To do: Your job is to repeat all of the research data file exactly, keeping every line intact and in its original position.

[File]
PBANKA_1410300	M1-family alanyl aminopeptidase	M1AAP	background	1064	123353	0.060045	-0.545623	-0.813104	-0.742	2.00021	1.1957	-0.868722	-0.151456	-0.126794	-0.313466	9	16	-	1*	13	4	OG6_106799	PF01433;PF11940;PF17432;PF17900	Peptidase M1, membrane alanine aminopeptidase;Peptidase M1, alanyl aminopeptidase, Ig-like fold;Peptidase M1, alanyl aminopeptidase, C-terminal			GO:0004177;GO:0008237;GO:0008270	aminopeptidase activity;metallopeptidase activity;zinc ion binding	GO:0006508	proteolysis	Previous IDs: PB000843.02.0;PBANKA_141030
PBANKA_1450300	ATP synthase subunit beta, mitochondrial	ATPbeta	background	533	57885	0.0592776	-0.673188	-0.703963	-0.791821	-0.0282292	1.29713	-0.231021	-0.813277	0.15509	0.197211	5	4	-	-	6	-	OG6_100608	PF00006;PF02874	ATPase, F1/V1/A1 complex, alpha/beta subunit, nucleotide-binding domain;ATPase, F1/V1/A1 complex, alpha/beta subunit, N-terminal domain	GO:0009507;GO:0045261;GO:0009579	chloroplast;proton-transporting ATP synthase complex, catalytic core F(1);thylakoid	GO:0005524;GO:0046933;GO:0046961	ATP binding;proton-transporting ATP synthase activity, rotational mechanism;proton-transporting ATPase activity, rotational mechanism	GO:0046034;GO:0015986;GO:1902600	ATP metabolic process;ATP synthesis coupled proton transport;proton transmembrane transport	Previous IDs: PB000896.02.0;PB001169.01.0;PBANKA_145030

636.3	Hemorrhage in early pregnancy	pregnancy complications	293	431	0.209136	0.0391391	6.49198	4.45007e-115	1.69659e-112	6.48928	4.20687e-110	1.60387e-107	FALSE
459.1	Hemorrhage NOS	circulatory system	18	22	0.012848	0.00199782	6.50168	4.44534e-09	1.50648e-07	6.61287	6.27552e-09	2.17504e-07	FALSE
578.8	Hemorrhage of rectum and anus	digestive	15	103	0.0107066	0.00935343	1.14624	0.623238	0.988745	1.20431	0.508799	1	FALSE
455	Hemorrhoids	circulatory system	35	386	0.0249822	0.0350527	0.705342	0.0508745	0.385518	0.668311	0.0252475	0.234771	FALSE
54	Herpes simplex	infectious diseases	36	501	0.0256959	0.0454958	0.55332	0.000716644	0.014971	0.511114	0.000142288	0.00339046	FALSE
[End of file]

PBANKA_1410300	M1-family alanyl aminopeptidase	M1AAP	background	1064	123353	0.060045	-0.545623	-0.813104	-0.742	2.00021	1.1957	-0.868722	-0.151456	-0.126794	-0.313466	9	16	-	1*	13	4	OG6_106799	PF01433;PF11940;PF17432;PF17900	Peptidase M1, membrane alanine aminopeptidase;Peptidase M1, alanyl aminopeptidase, Ig-like fold;Peptidase M1, alanyl aminopeptidase, C-terminal			GO:0004177;GO:0008237;GO:0008270	aminopeptidase activity;metallopeptidase activity;zinc ion binding	GO:0006508	proteolysis	Previous IDs: PB000843.02.0;PBANKA_141030
PBANKA_1450300	ATP synthase subunit beta, mitochondrial	ATPbeta	background	533	57885	0.0592776	-0.673188	-0.703963	-0.791821	-0.0282292	1.29713	-0.231021	-0.813277	0.15509	0.197211	5	4	-	-	6	-	OG6_100608	PF00006;PF02874	ATPase, F1/V1/A1 complex, alpha/beta subunit, nucleotide-binding domain;ATPase, F1/V1/A1 complex, alpha/beta subunit, N-terminal domain	GO:0009507;GO:0045261;GO:0009579	chloroplast;proton-transporting ATP synthase complex, catalytic core F(1);thylakoid	GO:0005524;GO:0046933;GO:0046961	ATP binding;proton-transporting ATP synthase activity, rotational mechanism;proton-transporting ATPase activity, rotational mechanism	GO:0046034;GO:0015986;GO:1902600	ATP metabolic process;ATP synthesis coupled proton transport;proton transmembrane transport	Previous IDs: PB000896.02.0;PB001169.01.0;PBANKA_145030

636.3	Hemorrhage in early pregnancy	pregnancy complications	293	431	0.209136	0.0391391	6.49198	4.45007e-115	1.69659e-112	6.48928	4.20687e-110	1.60387e-107	FALSE
459.1	Hemorrhage NOS	circulatory system	18	22	0.012848	0.00199782	6.50168	4.44534e-09	1.50648e-07	6.61287	6.27552e-09	2.17504e-07	FALSE
578.8	Hemorrhage of rectum and anus	digestive	15	103	0.0107066	0.00935343	1.14624	0.623238	0.988745	1.20431	0.508799	1	FALSE
455	Hemorrhoids	circulatory system	35	386	0.0249822	0.0350527	0.705342	0.0508745	0.385518	0.668311	0.0252475	0.234771	FALSE
54	Herpes simplex	infectious diseases	36	501	0.0256959	0.0454958	0.55332	0.000716644	0.014971	0.511114	0.000142288	0.00339046	FALSE